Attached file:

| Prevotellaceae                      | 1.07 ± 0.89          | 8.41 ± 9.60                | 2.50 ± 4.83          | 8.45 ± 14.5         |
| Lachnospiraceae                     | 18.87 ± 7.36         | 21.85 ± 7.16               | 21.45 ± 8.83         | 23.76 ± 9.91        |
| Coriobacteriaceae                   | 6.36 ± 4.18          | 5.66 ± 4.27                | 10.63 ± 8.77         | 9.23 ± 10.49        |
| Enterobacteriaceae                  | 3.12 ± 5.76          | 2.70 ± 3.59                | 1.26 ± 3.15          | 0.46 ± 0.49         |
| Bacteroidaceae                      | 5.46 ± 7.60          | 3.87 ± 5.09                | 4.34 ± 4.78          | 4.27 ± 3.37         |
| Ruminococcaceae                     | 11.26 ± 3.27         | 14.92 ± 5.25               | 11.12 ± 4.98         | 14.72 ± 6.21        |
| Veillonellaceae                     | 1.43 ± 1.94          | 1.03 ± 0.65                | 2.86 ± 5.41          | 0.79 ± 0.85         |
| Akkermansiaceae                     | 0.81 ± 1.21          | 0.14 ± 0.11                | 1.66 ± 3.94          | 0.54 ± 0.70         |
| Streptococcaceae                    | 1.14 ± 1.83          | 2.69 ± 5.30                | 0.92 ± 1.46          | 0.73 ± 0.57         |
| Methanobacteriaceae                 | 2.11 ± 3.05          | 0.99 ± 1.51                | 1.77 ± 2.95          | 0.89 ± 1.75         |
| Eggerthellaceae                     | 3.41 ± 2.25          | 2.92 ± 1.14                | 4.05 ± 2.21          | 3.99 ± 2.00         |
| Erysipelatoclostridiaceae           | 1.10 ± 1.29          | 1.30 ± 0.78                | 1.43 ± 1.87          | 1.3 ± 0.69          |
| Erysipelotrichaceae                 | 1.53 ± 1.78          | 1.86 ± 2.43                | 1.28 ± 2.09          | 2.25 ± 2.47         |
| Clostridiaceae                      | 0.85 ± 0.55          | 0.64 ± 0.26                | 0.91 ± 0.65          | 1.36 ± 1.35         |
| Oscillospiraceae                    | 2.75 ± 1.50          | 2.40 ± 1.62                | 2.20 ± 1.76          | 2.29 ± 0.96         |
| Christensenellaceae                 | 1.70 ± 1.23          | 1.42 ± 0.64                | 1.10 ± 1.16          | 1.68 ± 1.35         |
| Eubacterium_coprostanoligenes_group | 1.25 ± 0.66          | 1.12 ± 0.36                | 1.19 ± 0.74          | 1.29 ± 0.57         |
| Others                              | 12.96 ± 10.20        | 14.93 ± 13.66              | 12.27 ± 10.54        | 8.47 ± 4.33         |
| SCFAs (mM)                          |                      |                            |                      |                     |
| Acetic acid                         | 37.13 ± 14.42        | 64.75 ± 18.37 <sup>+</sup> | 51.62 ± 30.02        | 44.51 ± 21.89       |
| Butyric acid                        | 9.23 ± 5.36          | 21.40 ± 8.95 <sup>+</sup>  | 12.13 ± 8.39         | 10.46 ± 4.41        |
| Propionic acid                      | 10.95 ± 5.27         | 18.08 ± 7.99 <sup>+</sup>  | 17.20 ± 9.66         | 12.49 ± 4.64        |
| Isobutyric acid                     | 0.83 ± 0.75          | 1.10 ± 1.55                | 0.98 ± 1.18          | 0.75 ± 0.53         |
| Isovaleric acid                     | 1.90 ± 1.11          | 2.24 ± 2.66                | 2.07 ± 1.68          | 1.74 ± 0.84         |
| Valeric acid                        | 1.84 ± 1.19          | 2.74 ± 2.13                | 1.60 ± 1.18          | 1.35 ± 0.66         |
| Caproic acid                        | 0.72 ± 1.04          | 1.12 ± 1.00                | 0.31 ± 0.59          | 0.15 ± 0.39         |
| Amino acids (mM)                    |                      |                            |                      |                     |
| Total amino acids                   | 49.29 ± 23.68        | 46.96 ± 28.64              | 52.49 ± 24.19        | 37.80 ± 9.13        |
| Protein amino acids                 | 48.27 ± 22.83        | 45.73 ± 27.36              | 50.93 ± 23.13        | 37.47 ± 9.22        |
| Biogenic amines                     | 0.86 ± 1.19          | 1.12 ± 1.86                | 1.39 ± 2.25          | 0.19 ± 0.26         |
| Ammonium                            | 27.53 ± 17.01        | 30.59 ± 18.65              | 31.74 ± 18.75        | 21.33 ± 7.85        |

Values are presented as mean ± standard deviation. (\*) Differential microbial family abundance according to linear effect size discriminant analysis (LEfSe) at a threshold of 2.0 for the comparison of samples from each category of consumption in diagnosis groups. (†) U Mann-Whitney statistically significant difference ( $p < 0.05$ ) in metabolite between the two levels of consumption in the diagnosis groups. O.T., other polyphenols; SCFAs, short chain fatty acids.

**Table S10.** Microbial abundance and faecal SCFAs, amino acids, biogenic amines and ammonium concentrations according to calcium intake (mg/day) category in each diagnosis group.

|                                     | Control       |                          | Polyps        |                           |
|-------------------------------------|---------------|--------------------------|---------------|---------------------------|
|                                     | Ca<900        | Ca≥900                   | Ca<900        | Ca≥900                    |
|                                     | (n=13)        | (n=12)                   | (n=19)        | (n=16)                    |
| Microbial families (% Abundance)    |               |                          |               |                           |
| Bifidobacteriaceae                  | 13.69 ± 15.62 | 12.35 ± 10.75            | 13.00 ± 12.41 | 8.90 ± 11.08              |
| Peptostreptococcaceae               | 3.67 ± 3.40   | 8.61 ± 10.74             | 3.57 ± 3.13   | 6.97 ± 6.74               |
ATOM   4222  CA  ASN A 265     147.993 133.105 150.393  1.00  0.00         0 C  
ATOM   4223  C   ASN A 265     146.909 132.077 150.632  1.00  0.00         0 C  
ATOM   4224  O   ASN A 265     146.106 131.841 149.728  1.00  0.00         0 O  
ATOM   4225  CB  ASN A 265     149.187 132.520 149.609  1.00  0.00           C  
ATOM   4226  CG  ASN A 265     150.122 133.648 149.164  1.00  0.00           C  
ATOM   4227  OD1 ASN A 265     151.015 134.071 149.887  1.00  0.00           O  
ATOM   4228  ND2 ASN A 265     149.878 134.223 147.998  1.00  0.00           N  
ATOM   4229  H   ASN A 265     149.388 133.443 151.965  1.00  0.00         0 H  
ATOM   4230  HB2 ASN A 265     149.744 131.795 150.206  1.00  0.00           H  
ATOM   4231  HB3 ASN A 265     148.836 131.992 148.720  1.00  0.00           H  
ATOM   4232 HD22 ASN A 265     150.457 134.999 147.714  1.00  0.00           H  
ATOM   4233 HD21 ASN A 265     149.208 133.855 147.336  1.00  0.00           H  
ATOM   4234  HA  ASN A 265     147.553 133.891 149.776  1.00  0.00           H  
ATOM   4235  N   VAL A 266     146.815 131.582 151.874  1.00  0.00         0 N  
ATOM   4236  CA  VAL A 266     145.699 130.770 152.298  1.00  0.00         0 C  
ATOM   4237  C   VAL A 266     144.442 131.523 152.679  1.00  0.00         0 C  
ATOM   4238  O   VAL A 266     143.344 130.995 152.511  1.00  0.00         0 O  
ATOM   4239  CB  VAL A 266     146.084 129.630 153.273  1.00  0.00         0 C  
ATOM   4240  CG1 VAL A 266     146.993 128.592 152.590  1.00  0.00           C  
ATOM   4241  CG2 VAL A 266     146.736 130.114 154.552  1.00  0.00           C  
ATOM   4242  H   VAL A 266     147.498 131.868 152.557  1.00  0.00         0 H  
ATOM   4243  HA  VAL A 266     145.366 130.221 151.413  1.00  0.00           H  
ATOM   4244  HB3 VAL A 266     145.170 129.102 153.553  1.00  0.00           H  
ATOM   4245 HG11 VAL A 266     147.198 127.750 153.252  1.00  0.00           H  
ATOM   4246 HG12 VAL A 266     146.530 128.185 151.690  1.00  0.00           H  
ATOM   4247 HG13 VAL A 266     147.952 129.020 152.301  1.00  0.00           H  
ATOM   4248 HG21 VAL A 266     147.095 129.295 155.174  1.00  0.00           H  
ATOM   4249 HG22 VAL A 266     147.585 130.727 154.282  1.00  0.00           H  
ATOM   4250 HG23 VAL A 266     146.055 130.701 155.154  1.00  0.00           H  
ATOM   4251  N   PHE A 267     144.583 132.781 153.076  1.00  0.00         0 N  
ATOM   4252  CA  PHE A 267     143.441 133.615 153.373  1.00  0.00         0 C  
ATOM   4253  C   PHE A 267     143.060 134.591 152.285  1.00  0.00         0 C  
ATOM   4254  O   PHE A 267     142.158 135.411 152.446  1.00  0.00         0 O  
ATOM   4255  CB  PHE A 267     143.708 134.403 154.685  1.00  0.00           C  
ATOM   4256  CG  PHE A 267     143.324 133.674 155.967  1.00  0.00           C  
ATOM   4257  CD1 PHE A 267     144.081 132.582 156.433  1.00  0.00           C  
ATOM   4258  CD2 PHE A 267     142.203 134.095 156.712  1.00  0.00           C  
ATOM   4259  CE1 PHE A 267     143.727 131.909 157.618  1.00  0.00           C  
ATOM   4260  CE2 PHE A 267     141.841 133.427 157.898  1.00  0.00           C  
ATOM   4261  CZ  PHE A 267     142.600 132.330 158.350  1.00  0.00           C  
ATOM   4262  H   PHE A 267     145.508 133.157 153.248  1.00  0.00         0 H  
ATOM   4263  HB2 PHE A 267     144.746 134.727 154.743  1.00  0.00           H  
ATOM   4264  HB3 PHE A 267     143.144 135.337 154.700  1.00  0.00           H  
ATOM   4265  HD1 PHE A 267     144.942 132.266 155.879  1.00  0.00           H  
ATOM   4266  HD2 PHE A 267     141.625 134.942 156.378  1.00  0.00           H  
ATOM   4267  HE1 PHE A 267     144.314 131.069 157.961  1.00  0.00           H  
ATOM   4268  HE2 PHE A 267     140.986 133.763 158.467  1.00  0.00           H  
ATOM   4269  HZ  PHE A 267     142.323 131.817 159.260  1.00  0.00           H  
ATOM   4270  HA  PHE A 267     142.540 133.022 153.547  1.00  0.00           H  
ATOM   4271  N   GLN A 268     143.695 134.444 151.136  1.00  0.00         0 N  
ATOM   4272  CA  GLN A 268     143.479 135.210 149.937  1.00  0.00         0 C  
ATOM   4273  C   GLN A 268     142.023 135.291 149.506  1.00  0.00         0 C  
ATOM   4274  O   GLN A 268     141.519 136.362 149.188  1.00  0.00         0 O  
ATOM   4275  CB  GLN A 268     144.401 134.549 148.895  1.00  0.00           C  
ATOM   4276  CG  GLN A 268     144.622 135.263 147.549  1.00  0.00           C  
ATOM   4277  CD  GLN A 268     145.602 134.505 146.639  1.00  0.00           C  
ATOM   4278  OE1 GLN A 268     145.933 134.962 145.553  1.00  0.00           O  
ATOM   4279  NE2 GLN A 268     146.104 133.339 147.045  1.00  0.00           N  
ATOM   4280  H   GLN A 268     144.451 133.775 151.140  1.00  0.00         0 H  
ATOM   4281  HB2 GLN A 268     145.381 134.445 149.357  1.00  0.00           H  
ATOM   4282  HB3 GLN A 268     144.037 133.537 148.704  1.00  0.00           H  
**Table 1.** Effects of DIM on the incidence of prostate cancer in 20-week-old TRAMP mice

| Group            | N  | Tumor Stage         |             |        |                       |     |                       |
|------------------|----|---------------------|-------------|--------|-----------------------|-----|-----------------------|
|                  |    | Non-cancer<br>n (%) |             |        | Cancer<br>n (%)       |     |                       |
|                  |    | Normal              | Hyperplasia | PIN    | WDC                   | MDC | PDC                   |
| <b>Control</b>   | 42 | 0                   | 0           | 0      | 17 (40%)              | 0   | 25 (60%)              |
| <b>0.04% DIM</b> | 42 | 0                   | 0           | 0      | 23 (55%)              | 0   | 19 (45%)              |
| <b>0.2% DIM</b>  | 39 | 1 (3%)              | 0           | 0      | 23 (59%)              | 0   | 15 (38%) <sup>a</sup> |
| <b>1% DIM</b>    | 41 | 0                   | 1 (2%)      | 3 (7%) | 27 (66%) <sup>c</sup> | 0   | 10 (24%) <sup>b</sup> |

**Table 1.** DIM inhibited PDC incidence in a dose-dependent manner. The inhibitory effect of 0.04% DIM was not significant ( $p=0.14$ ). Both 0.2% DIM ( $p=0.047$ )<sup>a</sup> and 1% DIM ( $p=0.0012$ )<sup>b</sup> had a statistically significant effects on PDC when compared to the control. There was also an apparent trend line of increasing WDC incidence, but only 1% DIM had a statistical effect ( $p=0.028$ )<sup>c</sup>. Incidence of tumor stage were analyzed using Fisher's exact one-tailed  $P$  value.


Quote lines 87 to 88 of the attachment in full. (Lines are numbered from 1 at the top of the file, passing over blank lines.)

ATOM   4268  HE2 PHE A 267     140.986 133.763 158.467  1.00  0.00           H  
ATOM   4269  HZ  PHE A 267     142.323 131.817 159.260  1.00  0.00           H  